A Cautionary Tale

This is a friendly reminder. Keep it in mind as you are going through your day that you are surrounded by people who think that Two and a Half Men is very funny. There’s a good chance it’s the guy at the bank. Look to your left: it might be the guy pushing quarters into the parking meter, heaving a sigh as he enters a clothing shop. Look at the men working under the scaffolding. It’s probably many of them. Do the others know? Have they ever thought, as they sat down to dine, that they broke their fast with men who thought Charlie Sheen was hilarious? Think about the person who delivers your mail. It might be their favorite show.

How many people do you think it is? At its peak, the show had 15 million viewers, a substantial fraction of the population. How many houses, do you think, are clogged in the night with bodies, the eyes of which watch Two and a Half Men? They’re all around you. You might even love them. You don’t know what the television plays in your house when you’re not around. You don’t know what Hulu programming causes your most trusted friends’ laptop screens to glow in the night. Listen to the night. Every ring of laughter could be because of Two and a Half Men.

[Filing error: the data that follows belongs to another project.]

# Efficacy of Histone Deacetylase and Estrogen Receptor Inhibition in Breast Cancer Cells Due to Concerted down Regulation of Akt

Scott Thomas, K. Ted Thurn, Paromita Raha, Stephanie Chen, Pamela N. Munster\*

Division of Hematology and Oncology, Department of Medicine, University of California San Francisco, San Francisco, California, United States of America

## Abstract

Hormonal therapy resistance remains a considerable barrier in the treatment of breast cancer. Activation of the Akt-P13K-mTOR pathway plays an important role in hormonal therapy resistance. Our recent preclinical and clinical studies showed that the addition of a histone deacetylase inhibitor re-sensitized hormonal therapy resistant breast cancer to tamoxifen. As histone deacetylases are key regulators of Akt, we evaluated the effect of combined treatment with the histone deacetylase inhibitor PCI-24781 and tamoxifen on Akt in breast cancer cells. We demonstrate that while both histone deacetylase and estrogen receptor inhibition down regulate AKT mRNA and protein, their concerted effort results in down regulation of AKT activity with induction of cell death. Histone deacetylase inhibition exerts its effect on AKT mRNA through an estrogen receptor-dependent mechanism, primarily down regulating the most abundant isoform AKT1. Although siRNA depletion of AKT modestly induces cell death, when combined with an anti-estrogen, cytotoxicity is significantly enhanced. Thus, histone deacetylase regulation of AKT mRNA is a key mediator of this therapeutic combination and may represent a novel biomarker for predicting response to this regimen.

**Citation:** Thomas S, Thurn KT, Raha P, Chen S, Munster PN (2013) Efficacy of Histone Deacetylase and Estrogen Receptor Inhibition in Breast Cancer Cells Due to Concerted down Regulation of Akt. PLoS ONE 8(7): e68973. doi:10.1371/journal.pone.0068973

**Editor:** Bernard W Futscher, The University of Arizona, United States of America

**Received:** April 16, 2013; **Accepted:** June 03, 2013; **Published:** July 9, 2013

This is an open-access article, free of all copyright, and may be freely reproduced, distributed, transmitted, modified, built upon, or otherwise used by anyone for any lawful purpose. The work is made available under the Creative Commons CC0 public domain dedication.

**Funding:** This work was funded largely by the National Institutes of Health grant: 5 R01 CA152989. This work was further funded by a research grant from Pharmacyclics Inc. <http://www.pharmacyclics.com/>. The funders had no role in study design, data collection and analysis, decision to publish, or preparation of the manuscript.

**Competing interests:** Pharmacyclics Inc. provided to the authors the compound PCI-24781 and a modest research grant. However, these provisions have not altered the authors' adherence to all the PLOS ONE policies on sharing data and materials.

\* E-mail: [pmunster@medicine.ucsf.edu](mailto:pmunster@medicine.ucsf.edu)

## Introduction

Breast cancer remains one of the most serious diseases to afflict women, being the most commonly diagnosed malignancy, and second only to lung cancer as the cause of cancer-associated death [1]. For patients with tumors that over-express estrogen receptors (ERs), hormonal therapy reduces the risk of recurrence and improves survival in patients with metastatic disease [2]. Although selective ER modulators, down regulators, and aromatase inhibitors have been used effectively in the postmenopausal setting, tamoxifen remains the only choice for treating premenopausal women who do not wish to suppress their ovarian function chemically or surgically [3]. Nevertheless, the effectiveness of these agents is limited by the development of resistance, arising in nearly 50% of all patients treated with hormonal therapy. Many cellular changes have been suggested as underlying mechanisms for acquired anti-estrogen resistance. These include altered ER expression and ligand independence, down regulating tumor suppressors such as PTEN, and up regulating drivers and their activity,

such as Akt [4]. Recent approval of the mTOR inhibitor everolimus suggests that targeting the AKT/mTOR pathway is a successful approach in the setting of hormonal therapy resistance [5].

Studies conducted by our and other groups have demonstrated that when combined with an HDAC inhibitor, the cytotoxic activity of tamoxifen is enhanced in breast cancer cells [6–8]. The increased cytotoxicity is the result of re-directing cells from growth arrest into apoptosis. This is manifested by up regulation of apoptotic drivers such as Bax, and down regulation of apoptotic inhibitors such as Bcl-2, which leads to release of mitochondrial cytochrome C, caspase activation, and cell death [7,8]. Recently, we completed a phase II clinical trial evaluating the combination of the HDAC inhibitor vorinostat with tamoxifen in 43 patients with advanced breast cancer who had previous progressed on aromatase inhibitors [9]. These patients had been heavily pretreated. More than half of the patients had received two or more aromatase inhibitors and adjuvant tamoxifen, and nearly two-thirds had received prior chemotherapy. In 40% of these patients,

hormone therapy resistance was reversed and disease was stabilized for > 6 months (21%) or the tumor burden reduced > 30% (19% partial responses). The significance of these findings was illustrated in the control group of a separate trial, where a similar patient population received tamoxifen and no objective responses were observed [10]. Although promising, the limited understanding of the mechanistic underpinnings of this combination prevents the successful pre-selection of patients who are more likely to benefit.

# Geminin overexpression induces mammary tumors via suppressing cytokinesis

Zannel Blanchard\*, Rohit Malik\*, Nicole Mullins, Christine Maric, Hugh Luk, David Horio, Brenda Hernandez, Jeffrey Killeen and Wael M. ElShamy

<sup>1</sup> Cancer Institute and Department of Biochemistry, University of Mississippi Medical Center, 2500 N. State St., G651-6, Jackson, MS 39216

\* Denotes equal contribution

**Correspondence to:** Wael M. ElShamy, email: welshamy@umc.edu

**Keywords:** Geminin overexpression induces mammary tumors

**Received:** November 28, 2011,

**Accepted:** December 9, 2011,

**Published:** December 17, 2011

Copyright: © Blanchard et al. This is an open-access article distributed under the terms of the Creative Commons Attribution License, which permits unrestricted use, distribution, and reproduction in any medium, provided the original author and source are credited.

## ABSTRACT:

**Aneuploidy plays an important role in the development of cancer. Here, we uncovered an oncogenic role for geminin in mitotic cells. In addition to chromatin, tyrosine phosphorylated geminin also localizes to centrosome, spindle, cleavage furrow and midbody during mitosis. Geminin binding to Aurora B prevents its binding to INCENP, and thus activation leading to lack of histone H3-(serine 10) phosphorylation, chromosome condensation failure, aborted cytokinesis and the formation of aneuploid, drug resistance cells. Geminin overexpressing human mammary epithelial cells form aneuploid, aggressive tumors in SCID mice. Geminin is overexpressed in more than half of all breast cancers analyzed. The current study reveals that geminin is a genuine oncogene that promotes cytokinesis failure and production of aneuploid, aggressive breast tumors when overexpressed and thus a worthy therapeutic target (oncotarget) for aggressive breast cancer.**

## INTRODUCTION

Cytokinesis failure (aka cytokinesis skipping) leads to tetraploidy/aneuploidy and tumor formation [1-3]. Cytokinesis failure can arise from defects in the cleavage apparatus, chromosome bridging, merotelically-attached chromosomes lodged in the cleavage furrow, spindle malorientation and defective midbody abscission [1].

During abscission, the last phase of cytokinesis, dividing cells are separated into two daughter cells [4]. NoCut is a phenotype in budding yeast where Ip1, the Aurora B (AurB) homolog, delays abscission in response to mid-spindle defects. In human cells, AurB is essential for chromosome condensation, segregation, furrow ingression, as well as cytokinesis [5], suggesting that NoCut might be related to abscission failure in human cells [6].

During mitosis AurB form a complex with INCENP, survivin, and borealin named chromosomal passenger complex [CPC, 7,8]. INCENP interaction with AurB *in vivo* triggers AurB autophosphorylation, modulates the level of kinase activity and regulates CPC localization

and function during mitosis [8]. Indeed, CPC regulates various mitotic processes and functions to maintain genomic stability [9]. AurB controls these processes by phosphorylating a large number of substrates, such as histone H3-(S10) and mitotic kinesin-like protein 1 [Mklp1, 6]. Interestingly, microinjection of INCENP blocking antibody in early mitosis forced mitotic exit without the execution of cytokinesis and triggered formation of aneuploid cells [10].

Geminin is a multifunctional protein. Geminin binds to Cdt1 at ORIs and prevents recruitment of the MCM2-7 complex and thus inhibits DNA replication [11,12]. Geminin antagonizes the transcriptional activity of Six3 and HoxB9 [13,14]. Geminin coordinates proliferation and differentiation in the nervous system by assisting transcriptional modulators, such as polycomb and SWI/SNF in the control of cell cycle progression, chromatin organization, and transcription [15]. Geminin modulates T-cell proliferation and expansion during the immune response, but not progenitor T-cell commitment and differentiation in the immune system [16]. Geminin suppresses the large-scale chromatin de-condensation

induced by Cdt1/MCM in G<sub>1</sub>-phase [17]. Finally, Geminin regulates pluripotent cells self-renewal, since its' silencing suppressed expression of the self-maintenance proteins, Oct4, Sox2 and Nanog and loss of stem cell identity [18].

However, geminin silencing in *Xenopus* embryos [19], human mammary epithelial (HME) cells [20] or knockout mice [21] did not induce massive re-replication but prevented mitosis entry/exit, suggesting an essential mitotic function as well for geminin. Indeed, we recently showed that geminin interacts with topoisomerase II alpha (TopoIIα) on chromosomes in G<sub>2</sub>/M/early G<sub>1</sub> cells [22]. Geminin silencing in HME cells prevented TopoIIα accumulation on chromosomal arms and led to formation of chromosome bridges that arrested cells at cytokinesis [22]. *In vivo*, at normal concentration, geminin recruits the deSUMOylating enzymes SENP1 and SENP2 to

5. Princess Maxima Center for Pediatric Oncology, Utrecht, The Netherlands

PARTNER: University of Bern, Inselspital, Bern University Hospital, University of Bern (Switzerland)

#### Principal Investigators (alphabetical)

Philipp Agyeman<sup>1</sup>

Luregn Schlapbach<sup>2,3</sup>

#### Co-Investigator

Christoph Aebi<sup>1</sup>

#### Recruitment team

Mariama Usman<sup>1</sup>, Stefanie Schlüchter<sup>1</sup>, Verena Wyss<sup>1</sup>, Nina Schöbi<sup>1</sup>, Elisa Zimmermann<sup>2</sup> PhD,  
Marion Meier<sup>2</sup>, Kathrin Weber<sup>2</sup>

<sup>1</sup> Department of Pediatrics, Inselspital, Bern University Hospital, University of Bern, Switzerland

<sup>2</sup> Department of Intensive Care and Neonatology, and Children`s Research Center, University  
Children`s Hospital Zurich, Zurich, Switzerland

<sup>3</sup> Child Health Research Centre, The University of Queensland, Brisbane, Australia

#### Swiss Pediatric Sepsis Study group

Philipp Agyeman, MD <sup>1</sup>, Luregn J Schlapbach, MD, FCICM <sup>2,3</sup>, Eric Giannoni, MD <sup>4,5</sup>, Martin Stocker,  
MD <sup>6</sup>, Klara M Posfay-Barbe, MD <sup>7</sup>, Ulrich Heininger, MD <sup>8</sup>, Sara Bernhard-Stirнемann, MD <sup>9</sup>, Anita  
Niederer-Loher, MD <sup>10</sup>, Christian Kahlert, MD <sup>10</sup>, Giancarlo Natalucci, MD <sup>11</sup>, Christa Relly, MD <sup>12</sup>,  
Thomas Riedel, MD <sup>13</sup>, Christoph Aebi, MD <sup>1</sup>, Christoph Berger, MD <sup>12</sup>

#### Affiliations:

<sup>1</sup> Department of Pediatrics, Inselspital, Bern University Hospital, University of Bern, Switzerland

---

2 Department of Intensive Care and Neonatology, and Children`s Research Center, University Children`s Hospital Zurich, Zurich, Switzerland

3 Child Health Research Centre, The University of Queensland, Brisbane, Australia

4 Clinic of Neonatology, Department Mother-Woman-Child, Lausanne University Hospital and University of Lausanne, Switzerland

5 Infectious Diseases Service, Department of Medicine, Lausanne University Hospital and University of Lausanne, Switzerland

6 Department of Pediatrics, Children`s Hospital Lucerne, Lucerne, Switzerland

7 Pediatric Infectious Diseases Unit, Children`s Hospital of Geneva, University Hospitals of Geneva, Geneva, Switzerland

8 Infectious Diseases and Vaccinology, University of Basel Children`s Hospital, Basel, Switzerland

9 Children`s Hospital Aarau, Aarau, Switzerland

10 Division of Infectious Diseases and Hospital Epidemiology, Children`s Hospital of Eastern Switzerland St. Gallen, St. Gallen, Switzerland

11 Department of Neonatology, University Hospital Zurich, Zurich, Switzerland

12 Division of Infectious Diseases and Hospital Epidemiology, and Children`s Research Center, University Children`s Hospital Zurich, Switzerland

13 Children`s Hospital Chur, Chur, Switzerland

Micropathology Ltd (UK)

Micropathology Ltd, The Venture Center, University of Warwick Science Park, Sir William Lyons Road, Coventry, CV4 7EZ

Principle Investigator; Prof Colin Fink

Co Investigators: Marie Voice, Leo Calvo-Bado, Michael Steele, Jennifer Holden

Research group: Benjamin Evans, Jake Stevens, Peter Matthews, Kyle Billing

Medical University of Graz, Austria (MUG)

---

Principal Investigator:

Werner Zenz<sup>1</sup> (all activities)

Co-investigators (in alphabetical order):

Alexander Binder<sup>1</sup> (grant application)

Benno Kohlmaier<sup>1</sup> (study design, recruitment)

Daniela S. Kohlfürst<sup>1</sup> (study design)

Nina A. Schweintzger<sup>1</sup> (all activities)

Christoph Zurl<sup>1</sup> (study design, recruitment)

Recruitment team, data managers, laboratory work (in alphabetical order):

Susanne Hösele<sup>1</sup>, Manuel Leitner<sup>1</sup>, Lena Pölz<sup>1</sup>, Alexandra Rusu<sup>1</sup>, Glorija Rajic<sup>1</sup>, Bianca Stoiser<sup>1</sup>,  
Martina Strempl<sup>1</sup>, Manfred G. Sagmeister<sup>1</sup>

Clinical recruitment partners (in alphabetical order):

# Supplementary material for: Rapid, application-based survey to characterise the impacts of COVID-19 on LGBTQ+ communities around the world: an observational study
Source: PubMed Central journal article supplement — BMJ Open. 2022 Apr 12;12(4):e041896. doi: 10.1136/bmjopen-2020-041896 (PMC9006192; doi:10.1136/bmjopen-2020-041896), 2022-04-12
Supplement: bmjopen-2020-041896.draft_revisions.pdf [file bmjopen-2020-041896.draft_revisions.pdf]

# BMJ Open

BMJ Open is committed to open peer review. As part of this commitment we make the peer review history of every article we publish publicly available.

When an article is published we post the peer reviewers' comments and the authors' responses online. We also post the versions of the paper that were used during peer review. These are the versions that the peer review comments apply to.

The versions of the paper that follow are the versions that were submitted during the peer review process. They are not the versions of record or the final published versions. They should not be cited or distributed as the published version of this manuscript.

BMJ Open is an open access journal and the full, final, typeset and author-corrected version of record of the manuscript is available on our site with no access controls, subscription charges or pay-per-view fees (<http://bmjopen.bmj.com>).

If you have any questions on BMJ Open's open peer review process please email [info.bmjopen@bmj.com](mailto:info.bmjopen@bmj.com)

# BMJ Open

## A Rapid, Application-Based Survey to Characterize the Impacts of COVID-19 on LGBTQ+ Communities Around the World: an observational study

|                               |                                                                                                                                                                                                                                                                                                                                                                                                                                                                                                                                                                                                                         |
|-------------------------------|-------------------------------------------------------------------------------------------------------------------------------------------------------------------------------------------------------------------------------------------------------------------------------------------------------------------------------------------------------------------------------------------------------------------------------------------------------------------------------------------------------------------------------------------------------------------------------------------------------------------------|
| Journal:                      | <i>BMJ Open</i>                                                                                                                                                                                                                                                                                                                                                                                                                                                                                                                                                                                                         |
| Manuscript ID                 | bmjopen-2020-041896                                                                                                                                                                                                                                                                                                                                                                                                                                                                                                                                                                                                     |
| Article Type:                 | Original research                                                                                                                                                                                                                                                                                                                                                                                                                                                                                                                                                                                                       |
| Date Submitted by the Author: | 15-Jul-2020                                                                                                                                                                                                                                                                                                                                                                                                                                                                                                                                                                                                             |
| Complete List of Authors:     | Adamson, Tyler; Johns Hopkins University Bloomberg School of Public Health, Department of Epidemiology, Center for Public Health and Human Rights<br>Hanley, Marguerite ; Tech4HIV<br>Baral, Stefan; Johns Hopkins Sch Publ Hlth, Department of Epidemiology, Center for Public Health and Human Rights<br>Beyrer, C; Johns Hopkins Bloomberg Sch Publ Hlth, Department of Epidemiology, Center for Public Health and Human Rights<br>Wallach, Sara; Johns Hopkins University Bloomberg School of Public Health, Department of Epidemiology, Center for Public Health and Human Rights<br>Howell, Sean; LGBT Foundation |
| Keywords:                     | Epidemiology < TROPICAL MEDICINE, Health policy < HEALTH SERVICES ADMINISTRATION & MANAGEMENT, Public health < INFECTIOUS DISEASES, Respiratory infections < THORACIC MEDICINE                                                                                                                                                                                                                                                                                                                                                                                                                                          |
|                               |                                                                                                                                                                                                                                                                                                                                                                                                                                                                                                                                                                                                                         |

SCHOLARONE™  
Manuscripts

Picture them. They sit down. Beer undoubtedly in hand, they unbuckle their belt and push their backs into their leather couch. They stick their hand comfortably down their pants and watch the following scene.

Jon Cryer’s character, the doctor, lays his head on the kitchen table. Charlie Sheen enters, quipping, “if you know what I did last night, you wouldn’t put your head on that table.” Picture their pudgy faces tightening as laughter overcomes them, as their brains clunk the two puzzle pieces together: “It’s like sex!” If you listen closely to the show’s audio you might even hear the minds grind. Picture their jowls rocking with mirth. It’s hilarious: the Live Studio Audienceā„¢ shouts with laughter. Pleasure centers are alight.

Someone had to write that. A group of professional writers, paid more than you or I, sat together, comfortable in the leather office chairs Warner Brothers could no doubt afford them. Listen to those chairs squeak. They turn away lazily from their view of Downtown Los Angeles. At a desk, they moved through the script, and were satisfied. “That’s exactly where that joke should go,” they thought. Onto the next few lines. The cleaning lady walks in. “What did you do on the table?” the doctor asks, jumping away from it. It’s repetition! Don’t you see, they went back to the same joke again! The actors must be silent for a few beats as the audience quiets itself of its ensuing uproar at that one. Genius. They smile at each other.

 

Scene.

 

-AJ ’15

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